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It may be difficult to write tests for the inhouse frameworks, especially the validation of the test results, if you don't know how the modules are supposed to behave.

Some other thoughts:
* find code examples in your system or others which use the framework (grep is your friend!). Nice framework developers usually provide these.
* review the source code for the frameworks

I'm not sure how much they will help you, but these have worked well for me when in a similar situation. Make sure your examples and source are for the same version of the framework you are using.
 
Lasse Koskela
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Originally posted by Don Morgan:
It may be difficult to write tests for the inhouse frameworks, especially the validation of the test results, if you don't know how the modules are supposed to behave.

I'd like to add that simply writing tests to document the current behavior (a.k.a. "characterization tests") -- regardless of whether that behavior is the correct behavior -- helps protect you from later changes in the in-house framework.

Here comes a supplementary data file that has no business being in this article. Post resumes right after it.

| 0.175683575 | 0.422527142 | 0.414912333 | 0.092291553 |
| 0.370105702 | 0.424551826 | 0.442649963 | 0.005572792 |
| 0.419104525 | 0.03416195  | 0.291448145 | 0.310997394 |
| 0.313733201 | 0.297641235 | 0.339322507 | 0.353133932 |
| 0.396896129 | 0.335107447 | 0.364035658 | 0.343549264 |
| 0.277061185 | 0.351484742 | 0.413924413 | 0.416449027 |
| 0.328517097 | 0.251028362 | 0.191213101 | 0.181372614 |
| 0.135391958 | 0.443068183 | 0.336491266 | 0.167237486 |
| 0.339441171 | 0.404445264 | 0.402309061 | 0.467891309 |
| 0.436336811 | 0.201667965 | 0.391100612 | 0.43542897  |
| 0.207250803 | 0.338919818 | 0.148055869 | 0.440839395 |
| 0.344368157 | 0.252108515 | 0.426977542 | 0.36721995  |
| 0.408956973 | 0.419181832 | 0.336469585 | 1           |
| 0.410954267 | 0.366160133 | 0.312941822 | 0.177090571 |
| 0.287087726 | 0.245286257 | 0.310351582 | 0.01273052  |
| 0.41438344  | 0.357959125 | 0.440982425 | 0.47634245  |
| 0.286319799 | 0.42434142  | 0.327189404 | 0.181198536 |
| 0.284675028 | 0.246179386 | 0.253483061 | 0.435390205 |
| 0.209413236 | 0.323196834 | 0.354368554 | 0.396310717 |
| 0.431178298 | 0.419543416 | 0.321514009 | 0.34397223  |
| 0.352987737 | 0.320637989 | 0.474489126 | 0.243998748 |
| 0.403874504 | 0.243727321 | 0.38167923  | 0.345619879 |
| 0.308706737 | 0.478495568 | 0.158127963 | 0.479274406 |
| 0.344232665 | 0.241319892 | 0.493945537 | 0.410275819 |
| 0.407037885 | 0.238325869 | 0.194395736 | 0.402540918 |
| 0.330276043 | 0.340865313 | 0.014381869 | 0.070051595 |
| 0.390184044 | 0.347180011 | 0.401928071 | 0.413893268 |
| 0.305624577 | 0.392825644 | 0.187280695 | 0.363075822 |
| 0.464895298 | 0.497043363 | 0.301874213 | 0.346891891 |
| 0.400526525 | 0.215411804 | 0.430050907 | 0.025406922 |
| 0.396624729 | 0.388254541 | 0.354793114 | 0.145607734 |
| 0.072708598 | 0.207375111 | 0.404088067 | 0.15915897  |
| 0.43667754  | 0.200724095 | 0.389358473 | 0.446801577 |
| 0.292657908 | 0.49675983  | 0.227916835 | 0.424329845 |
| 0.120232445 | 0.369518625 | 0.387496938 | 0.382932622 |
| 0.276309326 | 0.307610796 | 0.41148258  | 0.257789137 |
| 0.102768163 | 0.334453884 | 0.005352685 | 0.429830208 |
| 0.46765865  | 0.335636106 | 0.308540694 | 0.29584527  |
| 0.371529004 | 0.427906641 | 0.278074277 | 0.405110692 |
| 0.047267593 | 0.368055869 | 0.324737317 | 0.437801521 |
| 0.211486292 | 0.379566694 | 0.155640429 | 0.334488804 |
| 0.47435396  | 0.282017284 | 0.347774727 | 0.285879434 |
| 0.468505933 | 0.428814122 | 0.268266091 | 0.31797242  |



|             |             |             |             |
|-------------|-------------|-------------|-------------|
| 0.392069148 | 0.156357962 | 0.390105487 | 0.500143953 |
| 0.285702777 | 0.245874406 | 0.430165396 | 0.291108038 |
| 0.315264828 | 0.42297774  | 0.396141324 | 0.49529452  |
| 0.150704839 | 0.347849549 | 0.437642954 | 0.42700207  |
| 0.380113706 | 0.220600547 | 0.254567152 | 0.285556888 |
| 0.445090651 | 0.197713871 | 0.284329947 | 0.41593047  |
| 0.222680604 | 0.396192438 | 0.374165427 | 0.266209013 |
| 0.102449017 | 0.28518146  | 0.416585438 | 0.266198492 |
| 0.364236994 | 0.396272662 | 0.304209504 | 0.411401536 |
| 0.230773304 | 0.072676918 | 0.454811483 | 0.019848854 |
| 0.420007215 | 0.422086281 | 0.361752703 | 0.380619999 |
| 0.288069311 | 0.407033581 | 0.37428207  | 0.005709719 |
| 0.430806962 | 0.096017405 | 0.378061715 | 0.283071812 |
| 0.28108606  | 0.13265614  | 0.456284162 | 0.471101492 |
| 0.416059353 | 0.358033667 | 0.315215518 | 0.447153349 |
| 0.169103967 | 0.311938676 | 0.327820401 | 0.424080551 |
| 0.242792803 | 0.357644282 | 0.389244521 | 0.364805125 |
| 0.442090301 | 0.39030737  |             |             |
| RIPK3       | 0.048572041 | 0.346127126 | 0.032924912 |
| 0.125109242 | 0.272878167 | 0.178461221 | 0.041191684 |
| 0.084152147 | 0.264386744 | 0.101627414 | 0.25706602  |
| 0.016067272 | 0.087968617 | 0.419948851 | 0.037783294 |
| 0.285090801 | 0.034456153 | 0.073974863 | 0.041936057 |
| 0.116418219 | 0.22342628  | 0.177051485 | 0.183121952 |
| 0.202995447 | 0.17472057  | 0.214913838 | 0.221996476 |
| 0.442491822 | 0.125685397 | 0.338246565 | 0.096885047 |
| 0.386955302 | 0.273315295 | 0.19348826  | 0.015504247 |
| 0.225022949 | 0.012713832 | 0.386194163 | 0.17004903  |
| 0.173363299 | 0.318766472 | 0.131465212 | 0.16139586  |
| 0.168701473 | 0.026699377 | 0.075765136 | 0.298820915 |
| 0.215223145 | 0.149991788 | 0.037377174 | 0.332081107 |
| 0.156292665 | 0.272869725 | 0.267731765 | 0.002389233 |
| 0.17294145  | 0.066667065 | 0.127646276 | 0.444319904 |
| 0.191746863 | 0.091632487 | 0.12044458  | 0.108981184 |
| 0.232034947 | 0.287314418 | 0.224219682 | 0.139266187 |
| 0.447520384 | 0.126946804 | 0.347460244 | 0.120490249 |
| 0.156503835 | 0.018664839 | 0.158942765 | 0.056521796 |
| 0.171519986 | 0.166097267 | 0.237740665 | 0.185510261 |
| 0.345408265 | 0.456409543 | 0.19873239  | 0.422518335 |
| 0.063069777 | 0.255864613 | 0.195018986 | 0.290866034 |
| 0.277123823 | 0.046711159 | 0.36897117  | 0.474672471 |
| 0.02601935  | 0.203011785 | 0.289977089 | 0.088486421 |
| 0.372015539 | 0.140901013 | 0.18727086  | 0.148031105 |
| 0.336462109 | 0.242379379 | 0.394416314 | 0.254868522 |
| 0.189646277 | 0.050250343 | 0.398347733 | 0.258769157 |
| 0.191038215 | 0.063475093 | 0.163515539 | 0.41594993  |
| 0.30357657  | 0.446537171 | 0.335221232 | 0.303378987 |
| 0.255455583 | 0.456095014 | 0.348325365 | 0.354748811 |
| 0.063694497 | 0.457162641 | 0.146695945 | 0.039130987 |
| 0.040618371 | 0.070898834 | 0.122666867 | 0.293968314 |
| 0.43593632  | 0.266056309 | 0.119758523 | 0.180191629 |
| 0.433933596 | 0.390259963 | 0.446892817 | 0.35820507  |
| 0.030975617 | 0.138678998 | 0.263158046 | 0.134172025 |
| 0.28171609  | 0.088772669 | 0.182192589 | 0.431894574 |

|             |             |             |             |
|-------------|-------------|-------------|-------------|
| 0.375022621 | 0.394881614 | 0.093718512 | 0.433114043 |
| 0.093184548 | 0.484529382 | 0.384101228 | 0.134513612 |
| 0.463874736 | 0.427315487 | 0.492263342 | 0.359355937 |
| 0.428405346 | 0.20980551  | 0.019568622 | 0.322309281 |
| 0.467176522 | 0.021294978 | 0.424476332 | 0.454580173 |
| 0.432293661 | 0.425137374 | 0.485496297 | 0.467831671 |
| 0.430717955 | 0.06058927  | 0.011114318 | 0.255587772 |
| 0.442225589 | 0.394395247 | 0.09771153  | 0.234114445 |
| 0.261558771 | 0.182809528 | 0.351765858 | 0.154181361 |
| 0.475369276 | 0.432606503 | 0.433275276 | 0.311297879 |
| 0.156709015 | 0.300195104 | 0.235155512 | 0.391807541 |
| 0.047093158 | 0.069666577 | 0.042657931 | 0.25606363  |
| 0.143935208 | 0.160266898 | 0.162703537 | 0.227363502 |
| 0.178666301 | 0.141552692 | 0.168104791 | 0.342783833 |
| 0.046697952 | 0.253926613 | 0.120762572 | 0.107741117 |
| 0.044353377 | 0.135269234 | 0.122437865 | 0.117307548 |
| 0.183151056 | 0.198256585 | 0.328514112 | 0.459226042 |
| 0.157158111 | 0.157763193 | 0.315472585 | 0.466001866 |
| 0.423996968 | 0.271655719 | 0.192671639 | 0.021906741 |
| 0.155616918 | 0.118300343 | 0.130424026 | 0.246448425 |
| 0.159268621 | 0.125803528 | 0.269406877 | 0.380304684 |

In other words,
1. Write a test
2. See how the actuals (the current behavior) differ from the expectations (typically "null", an empty string, -1, etc.)
3. Change the expectations of your test to match the currect actuals
 
Martin Spamer
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Originally posted by Ilja Preuss:
(There is one pitfall, though: being proud about complexity. Be sure to be proud about simplicity instead.)


Agreed, The most elegant solution in software engineering is the simplest solution that meets the requirements. Raise the principle of a single responsibility to an art form.